Type of Document Dissertation Author Murdaugh, James T. Author's Email Address email@example.com URN etd-11102005-141029 Title Succession And The Police Chief: An Examination Of The Nature Of Turnover Among Florida Police Chiefs Degree Doctor of Philosophy Department Public Administration and Policy, School of Advisory Committee
Advisor Name Title Richard C. Feiock Committee Chair Lance deHaven-Smith Committee Member Ralph S. Brower Committee Member William Doerner Committee Member Keywords
- Police Chief
Date of Defense 2005-11-07 Availability unrestricted AbstractExecutive succession has been defined as the planned or unplanned permanent change of the formal leader of a group or organization (Gorden & Rosen, 1981). The scholarly work in this area can be traced back to 1952 and the publication of a study of managerial succession at a gypsum plant by Alvin Gouldner, one of several students of Robert K. Merton at Columbia University, who contributed to emerging empirical work of the time on organizations as a field of interest.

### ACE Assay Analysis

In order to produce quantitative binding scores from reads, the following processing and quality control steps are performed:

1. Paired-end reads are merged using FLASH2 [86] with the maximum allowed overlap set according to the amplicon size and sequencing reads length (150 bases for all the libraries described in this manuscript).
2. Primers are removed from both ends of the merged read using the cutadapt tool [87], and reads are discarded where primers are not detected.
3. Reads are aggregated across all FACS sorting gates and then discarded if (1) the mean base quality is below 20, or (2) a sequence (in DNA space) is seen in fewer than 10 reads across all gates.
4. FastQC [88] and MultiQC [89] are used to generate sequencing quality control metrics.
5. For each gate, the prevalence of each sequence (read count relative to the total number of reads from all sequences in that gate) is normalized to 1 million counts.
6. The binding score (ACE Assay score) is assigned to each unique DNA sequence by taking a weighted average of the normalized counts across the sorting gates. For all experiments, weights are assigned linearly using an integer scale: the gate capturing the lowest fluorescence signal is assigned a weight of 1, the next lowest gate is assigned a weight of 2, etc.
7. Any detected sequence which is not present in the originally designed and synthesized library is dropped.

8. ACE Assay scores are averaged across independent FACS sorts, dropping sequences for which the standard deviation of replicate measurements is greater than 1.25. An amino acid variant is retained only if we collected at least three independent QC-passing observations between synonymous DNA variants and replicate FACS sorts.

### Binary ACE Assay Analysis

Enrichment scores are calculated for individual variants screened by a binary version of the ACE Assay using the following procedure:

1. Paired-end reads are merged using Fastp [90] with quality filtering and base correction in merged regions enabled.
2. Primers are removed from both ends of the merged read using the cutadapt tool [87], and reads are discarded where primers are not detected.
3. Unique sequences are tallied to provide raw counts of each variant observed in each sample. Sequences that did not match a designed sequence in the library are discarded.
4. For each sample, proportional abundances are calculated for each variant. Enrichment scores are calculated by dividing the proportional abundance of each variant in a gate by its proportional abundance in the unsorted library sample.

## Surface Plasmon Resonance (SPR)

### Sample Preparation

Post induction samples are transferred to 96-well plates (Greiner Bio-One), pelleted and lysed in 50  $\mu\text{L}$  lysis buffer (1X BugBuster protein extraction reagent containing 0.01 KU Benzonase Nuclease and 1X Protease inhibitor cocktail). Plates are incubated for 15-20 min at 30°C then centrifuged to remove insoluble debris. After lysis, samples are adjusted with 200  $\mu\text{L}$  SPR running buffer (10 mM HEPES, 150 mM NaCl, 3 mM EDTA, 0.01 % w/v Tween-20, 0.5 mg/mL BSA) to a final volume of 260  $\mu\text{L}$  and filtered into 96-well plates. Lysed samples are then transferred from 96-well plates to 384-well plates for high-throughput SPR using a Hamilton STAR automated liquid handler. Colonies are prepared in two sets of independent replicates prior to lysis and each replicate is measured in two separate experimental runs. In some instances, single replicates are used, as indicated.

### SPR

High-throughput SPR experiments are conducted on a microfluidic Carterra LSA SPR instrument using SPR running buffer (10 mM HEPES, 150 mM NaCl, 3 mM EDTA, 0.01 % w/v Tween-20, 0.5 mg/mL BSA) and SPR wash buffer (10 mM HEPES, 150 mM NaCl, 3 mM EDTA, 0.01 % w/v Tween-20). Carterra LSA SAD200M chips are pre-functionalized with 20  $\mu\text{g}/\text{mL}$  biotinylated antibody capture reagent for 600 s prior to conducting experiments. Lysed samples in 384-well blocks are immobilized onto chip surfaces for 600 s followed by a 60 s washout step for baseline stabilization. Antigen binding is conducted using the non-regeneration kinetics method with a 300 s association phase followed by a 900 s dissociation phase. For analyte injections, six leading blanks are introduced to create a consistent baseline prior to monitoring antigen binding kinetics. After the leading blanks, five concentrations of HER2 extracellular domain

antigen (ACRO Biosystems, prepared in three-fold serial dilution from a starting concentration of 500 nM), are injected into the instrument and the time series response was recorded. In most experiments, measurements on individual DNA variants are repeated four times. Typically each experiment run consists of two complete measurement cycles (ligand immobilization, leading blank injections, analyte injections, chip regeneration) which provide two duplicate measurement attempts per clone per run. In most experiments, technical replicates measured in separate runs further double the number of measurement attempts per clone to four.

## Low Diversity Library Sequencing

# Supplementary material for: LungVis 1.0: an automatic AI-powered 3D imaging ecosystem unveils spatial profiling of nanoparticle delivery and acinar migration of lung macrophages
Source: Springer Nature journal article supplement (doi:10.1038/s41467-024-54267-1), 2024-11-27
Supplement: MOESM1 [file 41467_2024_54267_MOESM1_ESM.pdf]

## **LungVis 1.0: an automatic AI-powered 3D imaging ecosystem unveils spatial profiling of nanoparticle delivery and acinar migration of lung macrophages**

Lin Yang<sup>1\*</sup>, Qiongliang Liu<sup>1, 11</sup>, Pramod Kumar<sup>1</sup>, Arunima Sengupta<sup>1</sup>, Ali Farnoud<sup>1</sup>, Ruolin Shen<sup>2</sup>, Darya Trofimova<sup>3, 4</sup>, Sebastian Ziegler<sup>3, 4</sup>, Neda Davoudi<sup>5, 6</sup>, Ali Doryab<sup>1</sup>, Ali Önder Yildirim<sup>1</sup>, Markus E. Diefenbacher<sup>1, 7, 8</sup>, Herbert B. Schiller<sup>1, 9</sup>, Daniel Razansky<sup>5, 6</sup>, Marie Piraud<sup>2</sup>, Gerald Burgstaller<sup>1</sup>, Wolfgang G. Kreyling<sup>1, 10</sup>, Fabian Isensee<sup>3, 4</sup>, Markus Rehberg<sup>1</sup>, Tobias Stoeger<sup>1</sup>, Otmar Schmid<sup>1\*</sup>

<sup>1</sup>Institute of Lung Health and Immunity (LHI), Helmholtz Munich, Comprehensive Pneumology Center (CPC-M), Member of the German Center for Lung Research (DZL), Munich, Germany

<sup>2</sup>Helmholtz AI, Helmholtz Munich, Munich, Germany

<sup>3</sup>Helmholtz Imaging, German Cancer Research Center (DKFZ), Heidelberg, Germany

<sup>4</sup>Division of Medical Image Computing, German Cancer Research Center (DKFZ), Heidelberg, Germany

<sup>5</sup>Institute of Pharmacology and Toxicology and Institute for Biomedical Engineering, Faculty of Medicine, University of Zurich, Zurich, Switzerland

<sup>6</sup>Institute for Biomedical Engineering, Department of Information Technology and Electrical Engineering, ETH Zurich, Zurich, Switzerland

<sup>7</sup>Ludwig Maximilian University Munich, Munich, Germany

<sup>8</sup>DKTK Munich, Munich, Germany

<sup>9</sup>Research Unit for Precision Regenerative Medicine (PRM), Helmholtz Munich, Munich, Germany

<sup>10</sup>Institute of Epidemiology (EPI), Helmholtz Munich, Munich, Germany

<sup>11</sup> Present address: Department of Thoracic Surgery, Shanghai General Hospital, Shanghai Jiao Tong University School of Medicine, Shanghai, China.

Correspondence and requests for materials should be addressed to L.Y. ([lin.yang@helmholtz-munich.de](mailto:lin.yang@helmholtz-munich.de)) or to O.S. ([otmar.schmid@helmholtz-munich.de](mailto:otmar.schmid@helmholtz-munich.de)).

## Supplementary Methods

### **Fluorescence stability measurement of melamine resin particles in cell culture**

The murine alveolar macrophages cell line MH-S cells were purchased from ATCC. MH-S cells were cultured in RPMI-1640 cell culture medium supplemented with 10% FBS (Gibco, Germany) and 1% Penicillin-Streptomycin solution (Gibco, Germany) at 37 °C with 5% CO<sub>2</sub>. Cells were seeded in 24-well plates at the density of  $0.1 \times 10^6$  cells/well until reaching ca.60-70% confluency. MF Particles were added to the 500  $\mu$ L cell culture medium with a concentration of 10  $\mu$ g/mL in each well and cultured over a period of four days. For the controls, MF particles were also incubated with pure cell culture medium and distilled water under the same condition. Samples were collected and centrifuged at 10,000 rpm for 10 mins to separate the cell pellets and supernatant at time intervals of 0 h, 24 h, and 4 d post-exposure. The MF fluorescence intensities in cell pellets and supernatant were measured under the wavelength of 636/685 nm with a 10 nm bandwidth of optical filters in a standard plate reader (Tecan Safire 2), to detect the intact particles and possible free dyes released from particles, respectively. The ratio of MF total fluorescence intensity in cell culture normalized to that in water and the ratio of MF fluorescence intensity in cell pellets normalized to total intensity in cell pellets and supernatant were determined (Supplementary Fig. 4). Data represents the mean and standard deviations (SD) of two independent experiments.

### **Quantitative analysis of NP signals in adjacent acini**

The body of literature that has emerged since that time has examined succession in a variety of public and private contexts and at all levels of public governances. Unfortunately, the literature remains a fragmented collection of works that do not cohere as a single theory or even a collection of theories regarding succession.
This research contributes to the body of scholarly work to date by examining this phenomenon among an important and under-examined group of public sector executives: Florida municipal police chiefs. Specifically, this study proposes a theory of succession among police chiefs that suggests that there are both social relations variables and institutional context variables that affect the odds of police chief succession will occur as a result of involuntary dismissal, coercion or pressure, or voluntary separation from office.
The findings in this study support the influence of certain social relationships in determining the likelihood of involuntary succession and succession due to coercion or pressure when compared with voluntary separation, but found no evidence to support the influence of institutional context variables in affecting the odds of one type of succession event over another.
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